Huzama Habayeb on the Painful Process of Writing and the Joy of Reading

Over at The National, there is a profile of Palestinian novelist Huzama Habayeb by ArabLit editor M. Lynx Qualey. It opens:

Every December 11, on the anniversary of Naguib Mahfouz’s birth, a literary medal is given out in the Egyptian Nobel laureate’s name for the best novel written in Arabic. The book is then translated into English by the prize’s organiser, the American University of Cairo. There have been many emotional award nights and a number of heartfelt speeches given since the award was first presented in 1996. But this year’s, in downtown Cairo, may have been the most affecting yet.

The prize went to Palestinian novelist Huzama Habayeb for her 2016 novel Velvet. When she finished giving her address, the audience rose to their feet, some in tears. American University in Cairo Press’s Trevor Naylor called it “the most passionate acceptance speech ever”.

In her talk, Habayeb spoke about her father, who left his Palestinian village when he was 7 years old. “I choked in particular when I mentioned the full name of my father,” Habayeb admits. “I nearly sobbed. ‘What’s in a name?’ they would say. Well, everything. It is my history, my love, and my loss.”

By the time Habayeb was born, her father had moved to Kuwait, where she was born and raised. In 1990, during the Iraqi invasion, she had to leave. After that, Habayeb moved to Jordan, and later to Dubai, where she now lives. Habayeb didn’t publish her debut short-story collection, The Man Who Is Repeated (1992), until she was living in Jordan. But she began writing while still a student in Kuwait.

“I think it blossomed somewhat unconsciously,” Habayeb says. Writing was a way to get at her feelings of “deprivation, uneasiness, entrenched pain, the shakiness of the land beneath my feet, the vulnerability of the self, my self indeed. And the persistent sense of defeat – especially since I grew up fully aware that I belonged to a homeland that was bequeathed to me in the form of an open wound, bleeding everlastingly.”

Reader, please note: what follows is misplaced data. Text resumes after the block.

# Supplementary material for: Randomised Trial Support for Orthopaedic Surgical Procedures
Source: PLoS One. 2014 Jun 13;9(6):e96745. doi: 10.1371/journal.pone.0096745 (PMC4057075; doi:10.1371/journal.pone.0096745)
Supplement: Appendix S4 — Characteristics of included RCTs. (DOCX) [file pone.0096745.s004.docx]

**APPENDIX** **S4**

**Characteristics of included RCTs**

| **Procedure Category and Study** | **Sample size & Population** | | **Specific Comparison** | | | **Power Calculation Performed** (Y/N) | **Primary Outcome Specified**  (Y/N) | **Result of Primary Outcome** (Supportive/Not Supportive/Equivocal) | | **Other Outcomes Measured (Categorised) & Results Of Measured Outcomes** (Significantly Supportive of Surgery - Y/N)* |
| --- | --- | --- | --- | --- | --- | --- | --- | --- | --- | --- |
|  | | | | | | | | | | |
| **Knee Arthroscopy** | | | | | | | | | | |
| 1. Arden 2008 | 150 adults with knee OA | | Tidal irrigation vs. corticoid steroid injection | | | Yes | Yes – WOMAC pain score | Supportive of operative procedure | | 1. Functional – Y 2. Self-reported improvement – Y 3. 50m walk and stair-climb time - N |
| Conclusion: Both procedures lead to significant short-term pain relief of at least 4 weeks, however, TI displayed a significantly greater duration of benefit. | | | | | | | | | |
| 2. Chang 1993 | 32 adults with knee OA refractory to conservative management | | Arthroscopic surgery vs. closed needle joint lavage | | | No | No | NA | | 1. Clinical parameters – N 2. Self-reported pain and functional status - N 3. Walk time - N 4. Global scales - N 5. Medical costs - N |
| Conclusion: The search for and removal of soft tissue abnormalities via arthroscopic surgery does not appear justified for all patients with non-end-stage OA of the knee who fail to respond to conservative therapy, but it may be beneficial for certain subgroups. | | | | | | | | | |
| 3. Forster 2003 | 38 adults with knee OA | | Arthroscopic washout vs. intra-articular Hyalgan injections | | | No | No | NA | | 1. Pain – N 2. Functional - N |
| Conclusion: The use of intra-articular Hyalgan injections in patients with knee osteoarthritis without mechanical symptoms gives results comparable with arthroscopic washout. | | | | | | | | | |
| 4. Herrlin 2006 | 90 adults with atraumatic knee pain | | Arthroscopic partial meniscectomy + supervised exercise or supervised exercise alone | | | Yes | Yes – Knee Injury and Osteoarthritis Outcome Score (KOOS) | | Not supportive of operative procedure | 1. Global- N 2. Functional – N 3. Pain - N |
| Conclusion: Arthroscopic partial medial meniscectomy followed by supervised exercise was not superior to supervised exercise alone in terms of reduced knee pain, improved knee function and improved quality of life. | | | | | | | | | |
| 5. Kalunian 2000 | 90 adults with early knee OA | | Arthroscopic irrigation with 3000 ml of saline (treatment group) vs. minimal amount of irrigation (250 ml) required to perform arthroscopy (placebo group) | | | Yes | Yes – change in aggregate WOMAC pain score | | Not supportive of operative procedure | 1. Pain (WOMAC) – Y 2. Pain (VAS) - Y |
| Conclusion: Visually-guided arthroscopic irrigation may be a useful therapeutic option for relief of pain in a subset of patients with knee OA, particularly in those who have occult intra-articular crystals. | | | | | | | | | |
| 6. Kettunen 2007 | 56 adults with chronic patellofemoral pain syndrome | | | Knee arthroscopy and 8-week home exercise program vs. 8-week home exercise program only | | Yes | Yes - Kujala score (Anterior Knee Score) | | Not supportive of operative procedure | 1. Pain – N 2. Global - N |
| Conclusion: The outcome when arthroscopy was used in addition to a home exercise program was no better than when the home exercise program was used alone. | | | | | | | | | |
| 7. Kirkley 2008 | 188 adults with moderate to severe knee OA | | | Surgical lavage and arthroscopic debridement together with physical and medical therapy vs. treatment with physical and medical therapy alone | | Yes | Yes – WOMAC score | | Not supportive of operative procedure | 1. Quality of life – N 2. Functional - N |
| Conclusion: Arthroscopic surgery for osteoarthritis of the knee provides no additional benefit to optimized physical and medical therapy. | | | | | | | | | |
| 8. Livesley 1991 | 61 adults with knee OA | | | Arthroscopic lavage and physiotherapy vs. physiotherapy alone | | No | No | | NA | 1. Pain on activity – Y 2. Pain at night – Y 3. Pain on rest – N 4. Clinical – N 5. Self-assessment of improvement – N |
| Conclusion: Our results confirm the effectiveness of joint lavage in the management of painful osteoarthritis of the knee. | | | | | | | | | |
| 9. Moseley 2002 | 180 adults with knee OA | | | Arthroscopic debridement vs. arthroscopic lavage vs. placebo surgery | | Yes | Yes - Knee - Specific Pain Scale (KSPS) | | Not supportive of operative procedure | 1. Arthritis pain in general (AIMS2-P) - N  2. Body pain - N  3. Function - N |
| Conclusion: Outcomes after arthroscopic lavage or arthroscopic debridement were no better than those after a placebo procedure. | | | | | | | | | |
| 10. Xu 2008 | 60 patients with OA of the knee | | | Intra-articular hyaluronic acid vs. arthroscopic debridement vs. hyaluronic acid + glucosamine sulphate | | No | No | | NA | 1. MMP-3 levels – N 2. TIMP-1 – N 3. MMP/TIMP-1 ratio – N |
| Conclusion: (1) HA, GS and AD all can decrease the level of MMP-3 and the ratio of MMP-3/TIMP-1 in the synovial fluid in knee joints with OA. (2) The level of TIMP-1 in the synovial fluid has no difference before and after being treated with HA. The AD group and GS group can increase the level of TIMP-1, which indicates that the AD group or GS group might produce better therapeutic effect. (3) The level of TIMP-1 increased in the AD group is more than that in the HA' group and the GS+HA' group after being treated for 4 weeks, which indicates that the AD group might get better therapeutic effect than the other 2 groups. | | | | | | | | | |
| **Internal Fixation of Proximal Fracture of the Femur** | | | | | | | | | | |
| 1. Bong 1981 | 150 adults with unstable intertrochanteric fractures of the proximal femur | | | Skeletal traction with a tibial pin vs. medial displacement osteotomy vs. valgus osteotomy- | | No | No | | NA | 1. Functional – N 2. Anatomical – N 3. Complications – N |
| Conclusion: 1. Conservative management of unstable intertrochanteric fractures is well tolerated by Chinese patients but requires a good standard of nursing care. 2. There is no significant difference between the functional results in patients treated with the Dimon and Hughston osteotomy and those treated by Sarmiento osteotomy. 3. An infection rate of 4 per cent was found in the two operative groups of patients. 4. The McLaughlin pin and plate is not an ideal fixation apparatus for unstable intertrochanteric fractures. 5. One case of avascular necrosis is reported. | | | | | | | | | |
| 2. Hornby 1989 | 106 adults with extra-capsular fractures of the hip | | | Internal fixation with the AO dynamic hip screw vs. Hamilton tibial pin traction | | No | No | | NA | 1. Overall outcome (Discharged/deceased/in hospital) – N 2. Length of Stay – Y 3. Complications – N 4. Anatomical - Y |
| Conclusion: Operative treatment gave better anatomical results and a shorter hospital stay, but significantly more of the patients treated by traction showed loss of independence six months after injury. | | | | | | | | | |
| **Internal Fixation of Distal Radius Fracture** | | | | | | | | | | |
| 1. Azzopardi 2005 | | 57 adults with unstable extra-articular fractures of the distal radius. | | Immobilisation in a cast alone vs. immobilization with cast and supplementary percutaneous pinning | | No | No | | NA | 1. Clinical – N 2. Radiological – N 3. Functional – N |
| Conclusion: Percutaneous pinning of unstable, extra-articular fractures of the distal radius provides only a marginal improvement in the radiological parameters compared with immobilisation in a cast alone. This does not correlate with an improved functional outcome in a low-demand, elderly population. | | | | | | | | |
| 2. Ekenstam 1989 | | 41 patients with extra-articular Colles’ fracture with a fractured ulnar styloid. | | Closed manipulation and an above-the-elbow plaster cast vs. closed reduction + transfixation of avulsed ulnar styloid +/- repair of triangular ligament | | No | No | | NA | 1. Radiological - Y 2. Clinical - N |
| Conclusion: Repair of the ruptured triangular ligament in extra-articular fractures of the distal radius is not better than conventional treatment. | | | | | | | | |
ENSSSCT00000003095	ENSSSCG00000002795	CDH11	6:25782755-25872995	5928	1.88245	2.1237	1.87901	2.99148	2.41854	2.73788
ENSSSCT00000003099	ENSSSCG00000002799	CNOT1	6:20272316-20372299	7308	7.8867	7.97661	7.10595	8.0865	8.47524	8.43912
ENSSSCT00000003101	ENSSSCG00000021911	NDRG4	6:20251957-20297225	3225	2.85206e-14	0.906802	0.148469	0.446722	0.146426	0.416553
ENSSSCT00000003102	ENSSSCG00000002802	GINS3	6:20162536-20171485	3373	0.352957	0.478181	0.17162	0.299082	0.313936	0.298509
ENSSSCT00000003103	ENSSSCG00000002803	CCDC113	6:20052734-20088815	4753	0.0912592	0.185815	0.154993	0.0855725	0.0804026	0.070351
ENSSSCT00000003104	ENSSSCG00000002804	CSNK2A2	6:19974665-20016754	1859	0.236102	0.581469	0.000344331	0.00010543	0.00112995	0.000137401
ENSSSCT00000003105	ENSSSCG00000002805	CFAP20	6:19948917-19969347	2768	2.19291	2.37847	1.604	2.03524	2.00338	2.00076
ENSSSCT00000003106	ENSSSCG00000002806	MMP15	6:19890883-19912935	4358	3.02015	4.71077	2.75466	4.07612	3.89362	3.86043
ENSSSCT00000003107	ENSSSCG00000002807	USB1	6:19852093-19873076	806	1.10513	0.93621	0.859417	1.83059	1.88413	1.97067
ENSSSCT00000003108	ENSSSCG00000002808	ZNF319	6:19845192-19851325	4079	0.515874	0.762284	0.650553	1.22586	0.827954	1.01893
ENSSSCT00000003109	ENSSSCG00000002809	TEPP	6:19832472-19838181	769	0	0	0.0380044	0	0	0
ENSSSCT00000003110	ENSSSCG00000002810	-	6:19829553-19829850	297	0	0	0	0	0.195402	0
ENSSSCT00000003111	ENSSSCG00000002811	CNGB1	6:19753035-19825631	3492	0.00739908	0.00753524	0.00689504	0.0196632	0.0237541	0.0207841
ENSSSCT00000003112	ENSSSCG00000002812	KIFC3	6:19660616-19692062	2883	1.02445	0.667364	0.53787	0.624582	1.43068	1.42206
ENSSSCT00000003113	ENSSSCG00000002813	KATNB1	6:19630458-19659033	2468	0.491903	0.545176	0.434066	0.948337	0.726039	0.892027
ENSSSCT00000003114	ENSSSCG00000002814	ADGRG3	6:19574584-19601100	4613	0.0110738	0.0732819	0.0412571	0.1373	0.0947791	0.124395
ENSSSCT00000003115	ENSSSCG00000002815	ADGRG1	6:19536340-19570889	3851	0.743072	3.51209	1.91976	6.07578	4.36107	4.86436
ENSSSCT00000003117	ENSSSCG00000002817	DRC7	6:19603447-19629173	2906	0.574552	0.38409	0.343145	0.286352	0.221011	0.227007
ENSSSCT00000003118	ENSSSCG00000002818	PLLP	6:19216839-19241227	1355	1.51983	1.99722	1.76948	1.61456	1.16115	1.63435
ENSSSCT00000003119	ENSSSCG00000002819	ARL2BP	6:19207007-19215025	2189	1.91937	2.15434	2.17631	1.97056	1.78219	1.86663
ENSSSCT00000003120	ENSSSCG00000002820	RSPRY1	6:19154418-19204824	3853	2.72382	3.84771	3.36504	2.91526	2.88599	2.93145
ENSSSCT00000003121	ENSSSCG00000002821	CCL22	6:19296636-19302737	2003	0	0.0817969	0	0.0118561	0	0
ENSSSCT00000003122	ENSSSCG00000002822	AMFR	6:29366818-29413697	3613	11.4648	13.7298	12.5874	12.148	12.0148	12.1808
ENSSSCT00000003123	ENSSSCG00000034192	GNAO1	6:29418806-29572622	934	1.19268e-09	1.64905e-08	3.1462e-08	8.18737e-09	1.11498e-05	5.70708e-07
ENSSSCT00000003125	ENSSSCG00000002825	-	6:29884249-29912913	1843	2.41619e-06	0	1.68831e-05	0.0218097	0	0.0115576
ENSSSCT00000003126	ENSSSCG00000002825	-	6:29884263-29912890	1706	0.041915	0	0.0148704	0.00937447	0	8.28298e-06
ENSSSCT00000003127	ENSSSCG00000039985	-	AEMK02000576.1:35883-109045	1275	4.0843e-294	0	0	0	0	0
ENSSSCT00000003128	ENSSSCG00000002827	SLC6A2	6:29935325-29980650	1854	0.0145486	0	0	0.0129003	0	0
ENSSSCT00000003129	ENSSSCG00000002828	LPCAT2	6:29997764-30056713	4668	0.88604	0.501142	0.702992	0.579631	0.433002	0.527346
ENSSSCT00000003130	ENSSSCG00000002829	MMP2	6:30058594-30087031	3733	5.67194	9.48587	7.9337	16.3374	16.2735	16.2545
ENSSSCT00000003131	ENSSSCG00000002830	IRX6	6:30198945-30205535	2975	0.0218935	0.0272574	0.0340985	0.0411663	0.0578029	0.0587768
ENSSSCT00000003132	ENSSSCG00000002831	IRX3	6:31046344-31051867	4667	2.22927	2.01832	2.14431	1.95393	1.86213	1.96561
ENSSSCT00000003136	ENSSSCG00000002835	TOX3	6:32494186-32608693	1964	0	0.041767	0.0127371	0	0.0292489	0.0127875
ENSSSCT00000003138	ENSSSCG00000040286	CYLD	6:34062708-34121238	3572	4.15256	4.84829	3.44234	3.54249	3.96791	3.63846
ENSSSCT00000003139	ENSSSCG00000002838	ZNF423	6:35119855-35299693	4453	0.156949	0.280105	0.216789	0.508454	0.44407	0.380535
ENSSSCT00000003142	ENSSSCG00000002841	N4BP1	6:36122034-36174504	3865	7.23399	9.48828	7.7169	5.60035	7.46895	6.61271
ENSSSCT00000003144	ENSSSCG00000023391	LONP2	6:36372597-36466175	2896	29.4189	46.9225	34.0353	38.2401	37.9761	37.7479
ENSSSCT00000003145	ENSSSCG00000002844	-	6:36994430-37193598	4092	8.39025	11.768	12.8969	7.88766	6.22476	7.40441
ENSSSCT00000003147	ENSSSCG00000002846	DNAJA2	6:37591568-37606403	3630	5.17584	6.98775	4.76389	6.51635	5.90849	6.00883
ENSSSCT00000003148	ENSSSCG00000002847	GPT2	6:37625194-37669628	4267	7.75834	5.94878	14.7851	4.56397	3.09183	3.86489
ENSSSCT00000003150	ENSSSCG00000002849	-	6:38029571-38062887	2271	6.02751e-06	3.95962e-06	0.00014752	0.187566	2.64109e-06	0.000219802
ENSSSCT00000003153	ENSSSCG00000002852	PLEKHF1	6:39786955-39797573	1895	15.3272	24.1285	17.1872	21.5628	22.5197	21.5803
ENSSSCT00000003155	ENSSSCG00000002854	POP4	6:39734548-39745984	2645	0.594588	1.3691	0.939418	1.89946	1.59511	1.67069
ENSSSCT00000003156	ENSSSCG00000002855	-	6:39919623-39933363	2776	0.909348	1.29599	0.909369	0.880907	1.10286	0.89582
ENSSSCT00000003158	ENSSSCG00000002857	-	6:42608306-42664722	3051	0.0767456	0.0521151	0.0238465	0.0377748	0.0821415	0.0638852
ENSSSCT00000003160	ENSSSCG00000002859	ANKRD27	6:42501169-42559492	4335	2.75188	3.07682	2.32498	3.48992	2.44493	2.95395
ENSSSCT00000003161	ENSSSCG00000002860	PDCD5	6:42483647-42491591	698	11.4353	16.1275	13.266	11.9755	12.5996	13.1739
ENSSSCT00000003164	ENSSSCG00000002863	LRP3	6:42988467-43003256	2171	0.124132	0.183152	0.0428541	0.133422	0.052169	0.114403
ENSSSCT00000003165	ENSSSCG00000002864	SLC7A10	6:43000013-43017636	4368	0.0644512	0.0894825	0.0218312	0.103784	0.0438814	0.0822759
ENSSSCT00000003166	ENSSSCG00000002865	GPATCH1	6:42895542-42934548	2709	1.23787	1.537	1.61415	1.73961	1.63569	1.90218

Habayeb describes her childhood home in Kuwait as a place where she was constantly reminded of her Palestinian identity. This wasn’t through lectures on politics, she says, but through food, dress, songs, stories and hearing the Palestinian dialect. Her father was the first to encourage her to read, because as a young girl she stuttered. “He told me: ‘Read loud. Listen to the words.’”

At first, Habayeb was fascinated with the Hans Christian Andersen stories that were loosely translated into Arabic. “It didn’t take long before I discovered Agatha Christie and Maurice Leblanc’s Arsene Lupin, as well as much-needed ‘quick’ reads. Yet something was missing in these unrefined, kitsch-like works.”

What was missing was passion, Habayeb says. This was something she discovered in her teens, “in the works of Naguib Mahfouz, Youssef Idris and Tawfiq Al-Hakim, among others”. Later, in her early 20s, Habayeb came across many great Palestinian authors. She picks out Ghassan Kanafani, Emile Habibi, Samira Azzam, Mahmoud Shukair, and “Mahmoud Darwish, whose poetry provided me, as a passionate young reader, with an appreciation for a refined, personalised and sensitively coined lexicon”. Yet it was in Kanafani’s Men in the Sun, Habayeb says, that she found what it meant to be a Palestinian. “I cried because of this discovery.”

There are a number of books to which Habayeb returns again and again. “The first and most important is One Thousand and One Nights.” She adds that she re-reads the stories “to remind myself of the true purpose of storytelling – what’s it about”.

And what is storytelling about? “Well, it’s about joy. Writing is a painful and emotionally draining process,” she says, but it is “meant in the end to produce the joy of reading”.

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